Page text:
19th International Symposium on Electronic Theses and Dissertations
11-13 Jul 2016 Lille (France)
Wednesday 13
ETD workflows and infrastructures
Parallel session 3 - track 3.2 (chair: Dinesh K. Gupta & Joachim Schöpfel)
› 10:00 - 10:30 (30min)
› Room 2 "Espace recherche"
Discovering Electronic Theses and Dissertations of Science and Technology Institutes in India
Tukaram Kumbar  1@  
1 : Indian Institute of Technology Gandhinagar  (IIT Gandhinagar)  -  Website
Indian Institute of Technology Gandhinagar VGEC Campus, Chandkheda, Ahmedabad 382424, INDIA -  India

Discovering Electronic Theses and Dissertations of Science and Technology Institutes in India

T.S. Kumbar*



Viral Asjola

Senior Library & Information Assistant

Manu T. R

Library Trainee


Indian Institute of Technology Gandhinagar

VGEC Campus, Chandkheda, Ahmedabad 382424, INDIA



India has over 70 academic institutions of national importance. Most of these institutions, offer Masters and Doctoral programs in different disciplines. In each of these institutions, students submit their dissertations and theses as part of their academic requirement. Over a period of time, libraries in these institutions have developed a huge collection of theses and dissertations. Of late, these libraries have also started collecting these documents in electronic form along with print copies and started creating Institutional Repositories/ ETDs. Regarding collection, each library has been following its own method of processing, organizing and providing access. In most cases, access to this information (both metadata and full text) is limited to their own institution and the metadata information is not contributed to the national level databases. As a result, most of the academic research work carried out is not prominently visible or accessible to the outside world which may have led to some amount of duplication in research work. Possibly, this may have also contributed to lesser citations and impact of the research work done in these premier institutions at the international level. So there exists a gap between what is available in these libraries and what is discoverable and usable by outside world. Therefore, there is a need for creating a system (one point of access) wherein, at least the metadata is harvested, indexed and openly accessible on the web.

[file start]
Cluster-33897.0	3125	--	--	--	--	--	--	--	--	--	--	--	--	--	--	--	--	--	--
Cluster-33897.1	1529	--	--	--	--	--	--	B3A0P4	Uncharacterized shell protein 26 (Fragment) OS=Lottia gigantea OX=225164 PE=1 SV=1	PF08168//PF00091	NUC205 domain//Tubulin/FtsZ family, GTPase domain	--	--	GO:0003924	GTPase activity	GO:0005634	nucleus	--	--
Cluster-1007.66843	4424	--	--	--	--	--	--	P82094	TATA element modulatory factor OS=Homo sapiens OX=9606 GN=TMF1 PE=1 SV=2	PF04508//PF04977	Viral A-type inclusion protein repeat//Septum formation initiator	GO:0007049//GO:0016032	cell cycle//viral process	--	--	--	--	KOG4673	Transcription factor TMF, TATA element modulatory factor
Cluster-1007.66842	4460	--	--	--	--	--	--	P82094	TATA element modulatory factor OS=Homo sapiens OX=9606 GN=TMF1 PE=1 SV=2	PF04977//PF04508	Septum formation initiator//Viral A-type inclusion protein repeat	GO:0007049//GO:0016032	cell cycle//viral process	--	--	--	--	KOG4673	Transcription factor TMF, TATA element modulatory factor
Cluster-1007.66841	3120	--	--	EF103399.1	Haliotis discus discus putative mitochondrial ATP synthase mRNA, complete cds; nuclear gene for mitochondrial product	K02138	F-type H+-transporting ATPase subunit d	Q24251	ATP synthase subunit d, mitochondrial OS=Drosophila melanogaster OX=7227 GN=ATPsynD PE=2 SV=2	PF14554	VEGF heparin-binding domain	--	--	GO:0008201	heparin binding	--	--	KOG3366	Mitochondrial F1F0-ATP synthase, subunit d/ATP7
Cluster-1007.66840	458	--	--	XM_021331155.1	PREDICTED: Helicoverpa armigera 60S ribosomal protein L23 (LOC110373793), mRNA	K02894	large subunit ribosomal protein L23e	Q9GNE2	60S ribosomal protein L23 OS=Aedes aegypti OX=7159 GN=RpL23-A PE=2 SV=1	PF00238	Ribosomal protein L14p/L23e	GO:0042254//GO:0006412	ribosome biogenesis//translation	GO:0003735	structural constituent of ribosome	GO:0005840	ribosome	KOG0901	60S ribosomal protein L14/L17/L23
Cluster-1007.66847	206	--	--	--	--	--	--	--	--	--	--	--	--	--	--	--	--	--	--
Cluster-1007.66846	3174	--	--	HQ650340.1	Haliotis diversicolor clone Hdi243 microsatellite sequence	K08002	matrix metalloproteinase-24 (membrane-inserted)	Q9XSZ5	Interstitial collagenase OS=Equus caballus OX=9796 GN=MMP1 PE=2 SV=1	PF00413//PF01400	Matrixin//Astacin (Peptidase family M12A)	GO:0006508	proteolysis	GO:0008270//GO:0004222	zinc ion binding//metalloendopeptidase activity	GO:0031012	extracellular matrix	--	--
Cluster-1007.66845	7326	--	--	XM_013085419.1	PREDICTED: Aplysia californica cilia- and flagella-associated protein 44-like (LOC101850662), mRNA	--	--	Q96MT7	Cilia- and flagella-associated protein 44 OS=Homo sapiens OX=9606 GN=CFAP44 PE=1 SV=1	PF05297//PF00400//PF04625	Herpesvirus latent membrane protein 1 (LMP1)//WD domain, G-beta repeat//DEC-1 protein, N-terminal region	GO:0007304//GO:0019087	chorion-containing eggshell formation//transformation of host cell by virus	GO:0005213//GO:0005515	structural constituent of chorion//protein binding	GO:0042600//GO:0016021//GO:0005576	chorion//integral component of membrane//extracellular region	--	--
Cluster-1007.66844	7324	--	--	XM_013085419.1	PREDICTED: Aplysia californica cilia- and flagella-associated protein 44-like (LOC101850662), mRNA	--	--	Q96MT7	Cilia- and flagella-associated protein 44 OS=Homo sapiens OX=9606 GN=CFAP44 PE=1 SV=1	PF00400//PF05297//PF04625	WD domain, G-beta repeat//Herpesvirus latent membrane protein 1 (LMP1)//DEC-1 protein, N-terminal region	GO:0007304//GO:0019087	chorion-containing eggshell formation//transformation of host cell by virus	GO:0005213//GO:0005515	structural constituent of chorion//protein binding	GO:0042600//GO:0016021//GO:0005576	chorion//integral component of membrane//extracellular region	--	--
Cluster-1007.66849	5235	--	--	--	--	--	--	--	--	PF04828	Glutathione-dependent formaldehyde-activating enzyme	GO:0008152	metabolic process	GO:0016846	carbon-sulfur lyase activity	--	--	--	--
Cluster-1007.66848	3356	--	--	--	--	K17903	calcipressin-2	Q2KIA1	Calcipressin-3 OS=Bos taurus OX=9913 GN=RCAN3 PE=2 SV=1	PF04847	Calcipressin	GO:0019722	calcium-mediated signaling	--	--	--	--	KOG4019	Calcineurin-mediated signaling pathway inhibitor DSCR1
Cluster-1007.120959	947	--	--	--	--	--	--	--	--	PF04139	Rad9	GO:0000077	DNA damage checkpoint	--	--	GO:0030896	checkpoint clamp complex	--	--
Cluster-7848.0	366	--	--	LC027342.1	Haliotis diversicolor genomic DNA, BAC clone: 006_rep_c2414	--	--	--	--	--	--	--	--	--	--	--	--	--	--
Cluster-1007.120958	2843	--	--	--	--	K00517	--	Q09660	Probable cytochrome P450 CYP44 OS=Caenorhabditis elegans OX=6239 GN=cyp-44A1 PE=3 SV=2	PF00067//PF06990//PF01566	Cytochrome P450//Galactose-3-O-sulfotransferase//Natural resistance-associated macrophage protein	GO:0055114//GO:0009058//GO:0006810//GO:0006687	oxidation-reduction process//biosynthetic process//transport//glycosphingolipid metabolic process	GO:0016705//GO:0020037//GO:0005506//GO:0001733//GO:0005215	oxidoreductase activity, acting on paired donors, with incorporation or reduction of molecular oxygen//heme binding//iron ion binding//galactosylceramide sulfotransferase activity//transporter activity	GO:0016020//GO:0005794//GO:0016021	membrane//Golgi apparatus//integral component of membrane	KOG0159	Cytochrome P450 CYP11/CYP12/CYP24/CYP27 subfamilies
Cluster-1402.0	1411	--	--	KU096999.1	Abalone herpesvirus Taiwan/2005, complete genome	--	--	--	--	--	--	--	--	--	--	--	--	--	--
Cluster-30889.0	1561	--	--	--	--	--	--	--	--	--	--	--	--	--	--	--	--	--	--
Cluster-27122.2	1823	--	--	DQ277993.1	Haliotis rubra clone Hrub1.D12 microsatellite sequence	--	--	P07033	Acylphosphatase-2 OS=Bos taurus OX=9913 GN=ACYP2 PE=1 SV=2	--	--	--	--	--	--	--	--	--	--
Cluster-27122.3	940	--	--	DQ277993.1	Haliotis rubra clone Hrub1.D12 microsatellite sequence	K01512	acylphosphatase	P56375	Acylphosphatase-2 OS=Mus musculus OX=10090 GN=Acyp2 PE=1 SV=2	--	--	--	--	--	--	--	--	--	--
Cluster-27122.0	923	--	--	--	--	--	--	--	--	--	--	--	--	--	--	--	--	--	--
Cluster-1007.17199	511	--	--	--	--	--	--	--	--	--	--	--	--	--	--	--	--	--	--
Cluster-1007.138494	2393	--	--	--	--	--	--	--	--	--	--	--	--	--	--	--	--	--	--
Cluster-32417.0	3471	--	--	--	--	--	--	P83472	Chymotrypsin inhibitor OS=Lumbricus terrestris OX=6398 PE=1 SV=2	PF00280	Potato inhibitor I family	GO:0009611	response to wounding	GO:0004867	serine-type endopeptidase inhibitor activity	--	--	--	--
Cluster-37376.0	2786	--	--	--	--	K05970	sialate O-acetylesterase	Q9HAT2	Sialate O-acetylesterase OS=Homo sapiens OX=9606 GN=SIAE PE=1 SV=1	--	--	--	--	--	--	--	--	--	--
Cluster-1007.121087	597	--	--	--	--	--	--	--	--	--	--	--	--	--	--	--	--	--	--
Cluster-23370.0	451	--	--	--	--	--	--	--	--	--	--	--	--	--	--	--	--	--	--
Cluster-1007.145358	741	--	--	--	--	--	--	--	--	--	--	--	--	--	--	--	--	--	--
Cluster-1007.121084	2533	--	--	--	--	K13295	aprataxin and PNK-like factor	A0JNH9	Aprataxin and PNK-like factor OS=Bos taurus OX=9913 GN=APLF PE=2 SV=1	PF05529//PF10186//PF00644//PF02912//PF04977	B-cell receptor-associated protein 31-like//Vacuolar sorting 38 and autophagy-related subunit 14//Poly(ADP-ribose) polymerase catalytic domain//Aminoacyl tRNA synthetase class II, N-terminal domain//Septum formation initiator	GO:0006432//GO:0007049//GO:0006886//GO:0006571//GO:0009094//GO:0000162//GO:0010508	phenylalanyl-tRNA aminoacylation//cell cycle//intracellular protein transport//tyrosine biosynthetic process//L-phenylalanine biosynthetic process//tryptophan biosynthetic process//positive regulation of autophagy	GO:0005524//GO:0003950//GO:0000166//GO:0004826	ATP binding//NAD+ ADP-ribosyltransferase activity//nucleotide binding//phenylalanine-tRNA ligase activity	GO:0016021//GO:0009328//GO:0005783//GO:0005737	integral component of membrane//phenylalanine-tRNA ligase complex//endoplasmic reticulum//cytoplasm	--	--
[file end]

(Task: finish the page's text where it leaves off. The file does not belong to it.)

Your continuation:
The present study being undertaken by the authors uses a survey method for collecting the data with regard to different aspects including current status of ETDs in these 50+ Institutions, their accessibility, standards and policies followed, future plans, contributions to national and international databases etc. In addition, a systematic effort is also being made to collect relevant data from online catalogues, websites, institutional repositories of respective libraries and other possible sources to find out as to what extent the information about the holdings of ETDs is discoverable from outside these institutions.

Based on the data collected through different methods, authors would like to come out with a proposal to create a system where all libraries will participate willingly by agreeing to follow a common policy and create records using common metadata standard (Dublin Core), implement OAI-PMH protocol and facilitate harvesting the data through online catalogues and IR/ETDs. The central index which will harvest the metadata from the participating libraries will serve as one point access to the users from within and outside India. While participating libraries will share the metadata, they can maintain full text of each ETD on their own server and provide access, based on their institution policy. Based on the data collected, authors would also like to explore the possibility of participation in the already existing national level systems like Shodhganga.



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